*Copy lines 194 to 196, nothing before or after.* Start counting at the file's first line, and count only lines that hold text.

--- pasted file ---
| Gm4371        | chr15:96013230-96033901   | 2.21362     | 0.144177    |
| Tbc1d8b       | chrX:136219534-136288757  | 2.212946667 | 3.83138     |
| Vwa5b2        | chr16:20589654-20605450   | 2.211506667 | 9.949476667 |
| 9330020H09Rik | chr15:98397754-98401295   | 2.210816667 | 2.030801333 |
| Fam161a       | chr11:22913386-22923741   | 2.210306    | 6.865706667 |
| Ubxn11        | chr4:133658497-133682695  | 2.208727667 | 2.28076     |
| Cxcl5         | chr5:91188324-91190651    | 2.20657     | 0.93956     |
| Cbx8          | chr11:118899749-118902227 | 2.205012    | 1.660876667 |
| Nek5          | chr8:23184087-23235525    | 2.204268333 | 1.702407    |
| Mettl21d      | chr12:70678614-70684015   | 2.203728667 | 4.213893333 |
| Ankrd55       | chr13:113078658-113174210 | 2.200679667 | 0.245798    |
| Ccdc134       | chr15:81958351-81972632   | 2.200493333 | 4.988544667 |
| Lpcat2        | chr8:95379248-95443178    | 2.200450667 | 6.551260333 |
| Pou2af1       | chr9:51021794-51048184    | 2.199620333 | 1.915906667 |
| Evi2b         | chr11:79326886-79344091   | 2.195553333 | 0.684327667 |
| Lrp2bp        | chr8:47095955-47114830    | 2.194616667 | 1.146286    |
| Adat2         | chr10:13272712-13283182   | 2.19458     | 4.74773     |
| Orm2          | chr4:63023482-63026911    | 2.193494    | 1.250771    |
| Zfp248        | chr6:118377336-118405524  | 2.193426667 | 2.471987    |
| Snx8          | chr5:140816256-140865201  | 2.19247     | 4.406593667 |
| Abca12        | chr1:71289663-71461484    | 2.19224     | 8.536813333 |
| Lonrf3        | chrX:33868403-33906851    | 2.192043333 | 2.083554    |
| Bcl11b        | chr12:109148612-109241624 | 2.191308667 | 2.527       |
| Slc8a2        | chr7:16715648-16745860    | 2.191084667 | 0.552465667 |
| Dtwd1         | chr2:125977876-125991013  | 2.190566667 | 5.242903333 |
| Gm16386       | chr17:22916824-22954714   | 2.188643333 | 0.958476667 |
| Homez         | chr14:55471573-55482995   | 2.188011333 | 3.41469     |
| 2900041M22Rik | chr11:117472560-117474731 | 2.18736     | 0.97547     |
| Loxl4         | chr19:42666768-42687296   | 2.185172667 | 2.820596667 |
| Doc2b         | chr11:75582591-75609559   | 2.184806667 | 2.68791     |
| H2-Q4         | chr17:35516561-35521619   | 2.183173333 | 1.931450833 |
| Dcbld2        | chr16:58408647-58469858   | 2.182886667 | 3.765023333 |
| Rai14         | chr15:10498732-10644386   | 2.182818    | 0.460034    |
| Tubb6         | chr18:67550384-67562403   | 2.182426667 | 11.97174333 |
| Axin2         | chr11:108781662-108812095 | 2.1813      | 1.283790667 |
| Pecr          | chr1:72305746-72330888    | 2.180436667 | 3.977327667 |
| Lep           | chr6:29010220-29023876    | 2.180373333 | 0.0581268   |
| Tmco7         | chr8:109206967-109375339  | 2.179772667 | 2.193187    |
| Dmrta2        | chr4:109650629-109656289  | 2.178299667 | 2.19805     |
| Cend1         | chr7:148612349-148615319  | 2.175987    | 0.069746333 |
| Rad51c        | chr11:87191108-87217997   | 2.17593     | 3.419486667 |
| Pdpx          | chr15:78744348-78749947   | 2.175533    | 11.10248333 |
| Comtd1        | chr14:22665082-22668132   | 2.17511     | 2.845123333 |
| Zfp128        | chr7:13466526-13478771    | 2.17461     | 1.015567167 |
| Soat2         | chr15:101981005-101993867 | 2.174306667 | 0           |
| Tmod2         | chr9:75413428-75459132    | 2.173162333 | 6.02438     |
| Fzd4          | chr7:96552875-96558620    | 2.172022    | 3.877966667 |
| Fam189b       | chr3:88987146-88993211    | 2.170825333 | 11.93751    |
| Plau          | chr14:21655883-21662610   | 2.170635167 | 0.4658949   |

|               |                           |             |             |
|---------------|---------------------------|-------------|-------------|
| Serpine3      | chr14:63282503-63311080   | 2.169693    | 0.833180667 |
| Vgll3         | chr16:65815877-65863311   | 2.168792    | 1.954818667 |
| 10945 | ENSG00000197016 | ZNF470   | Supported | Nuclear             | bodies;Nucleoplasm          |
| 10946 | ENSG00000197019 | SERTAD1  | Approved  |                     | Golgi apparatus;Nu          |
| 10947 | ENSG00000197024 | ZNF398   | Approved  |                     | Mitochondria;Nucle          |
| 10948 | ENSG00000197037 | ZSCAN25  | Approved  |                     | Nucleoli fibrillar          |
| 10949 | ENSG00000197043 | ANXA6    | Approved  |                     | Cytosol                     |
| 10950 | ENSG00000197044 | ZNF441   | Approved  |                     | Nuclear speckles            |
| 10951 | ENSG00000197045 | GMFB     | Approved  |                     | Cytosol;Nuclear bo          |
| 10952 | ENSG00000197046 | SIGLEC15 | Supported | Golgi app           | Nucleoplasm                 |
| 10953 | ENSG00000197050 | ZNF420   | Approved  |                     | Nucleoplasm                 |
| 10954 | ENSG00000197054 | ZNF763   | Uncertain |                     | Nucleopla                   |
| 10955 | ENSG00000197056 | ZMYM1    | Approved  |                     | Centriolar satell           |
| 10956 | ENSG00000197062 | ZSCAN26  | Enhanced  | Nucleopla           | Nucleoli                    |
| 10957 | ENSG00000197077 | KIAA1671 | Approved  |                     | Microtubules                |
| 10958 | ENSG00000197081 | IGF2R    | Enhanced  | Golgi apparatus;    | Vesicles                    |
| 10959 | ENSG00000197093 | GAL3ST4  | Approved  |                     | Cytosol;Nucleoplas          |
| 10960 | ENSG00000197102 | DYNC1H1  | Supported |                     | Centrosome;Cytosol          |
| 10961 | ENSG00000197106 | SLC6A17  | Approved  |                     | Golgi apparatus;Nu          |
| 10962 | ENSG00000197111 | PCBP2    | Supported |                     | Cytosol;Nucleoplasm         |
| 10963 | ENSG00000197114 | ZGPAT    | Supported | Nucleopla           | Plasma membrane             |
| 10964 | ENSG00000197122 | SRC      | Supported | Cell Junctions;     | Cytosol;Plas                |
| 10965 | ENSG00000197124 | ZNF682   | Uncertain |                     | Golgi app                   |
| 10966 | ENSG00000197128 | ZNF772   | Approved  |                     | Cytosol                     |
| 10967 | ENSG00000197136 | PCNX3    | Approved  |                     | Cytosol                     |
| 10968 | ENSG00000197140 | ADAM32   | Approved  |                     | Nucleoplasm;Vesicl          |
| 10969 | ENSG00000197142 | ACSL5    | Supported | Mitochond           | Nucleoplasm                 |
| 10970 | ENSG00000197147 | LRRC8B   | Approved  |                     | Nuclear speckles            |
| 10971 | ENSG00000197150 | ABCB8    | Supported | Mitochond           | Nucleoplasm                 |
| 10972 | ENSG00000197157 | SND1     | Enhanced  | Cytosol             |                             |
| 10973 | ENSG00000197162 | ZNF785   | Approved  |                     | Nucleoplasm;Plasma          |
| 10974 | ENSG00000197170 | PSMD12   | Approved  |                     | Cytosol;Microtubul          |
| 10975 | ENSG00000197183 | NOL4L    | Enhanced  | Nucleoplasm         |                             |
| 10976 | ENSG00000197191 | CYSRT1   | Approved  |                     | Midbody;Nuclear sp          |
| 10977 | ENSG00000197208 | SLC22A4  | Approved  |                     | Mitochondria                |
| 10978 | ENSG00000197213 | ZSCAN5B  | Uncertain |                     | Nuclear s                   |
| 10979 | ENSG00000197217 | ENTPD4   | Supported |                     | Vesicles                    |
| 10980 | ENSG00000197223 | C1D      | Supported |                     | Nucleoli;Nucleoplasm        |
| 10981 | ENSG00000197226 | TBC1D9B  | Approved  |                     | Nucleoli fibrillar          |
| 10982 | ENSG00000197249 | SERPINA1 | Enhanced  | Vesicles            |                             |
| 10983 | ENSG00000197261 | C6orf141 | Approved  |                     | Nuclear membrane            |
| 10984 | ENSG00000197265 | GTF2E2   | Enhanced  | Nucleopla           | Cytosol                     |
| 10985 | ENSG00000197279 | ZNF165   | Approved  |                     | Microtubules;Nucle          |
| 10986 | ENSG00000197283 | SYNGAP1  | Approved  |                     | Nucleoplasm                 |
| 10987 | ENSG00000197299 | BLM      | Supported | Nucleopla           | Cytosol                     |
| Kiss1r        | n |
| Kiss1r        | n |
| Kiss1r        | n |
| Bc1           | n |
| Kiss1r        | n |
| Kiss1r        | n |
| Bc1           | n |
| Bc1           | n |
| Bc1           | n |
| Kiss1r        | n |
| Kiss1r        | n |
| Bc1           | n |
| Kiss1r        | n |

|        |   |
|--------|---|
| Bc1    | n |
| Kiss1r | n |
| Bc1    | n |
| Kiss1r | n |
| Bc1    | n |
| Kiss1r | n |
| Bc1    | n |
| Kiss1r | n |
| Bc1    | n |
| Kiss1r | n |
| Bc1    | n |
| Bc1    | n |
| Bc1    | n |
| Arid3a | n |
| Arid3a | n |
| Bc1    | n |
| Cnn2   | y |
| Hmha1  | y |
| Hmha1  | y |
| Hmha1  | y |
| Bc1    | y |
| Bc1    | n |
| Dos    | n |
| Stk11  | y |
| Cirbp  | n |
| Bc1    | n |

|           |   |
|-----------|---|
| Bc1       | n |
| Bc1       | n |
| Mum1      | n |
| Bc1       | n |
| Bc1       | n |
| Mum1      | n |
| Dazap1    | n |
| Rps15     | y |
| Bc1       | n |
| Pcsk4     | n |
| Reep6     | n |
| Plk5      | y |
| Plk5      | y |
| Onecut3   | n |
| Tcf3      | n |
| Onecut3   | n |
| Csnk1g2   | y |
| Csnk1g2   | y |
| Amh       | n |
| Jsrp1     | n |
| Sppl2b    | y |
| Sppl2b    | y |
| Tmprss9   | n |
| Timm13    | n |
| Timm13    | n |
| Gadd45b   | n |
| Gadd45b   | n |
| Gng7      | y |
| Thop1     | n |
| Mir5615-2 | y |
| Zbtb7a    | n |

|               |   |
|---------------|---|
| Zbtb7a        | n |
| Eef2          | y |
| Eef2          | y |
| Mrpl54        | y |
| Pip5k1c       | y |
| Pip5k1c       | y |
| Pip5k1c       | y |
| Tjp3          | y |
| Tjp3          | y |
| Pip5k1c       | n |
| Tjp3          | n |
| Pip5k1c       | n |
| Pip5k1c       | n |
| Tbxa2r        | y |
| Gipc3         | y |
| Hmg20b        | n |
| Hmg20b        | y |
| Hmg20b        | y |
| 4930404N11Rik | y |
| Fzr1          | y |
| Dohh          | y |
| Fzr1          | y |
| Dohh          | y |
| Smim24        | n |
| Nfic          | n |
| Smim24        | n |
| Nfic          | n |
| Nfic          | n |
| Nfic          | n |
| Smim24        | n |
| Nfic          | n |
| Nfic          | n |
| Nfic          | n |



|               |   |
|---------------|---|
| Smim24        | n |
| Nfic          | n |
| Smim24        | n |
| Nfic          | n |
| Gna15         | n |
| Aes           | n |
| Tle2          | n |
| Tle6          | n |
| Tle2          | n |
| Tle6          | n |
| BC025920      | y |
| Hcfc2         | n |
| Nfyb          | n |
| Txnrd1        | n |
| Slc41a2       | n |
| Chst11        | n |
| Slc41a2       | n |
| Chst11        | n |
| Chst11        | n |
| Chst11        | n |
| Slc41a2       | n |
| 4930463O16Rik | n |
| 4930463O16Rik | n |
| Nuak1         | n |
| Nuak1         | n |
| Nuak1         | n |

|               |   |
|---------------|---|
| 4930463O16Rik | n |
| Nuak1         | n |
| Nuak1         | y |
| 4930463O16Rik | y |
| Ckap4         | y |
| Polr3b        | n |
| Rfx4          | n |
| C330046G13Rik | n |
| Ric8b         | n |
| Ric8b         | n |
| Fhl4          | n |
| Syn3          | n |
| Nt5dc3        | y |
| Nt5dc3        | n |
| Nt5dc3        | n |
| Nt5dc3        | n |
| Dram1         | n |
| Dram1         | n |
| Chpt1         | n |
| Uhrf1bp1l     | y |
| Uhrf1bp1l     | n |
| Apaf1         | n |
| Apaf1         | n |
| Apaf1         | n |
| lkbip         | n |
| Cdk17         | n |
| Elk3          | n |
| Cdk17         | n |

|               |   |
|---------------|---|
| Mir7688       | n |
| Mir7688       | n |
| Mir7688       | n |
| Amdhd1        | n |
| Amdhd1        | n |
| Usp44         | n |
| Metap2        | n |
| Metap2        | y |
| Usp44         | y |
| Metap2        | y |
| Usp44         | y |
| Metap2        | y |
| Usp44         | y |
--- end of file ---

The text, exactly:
| Fzr1          | y |
| Dohh          | y |
| Smim24        | n |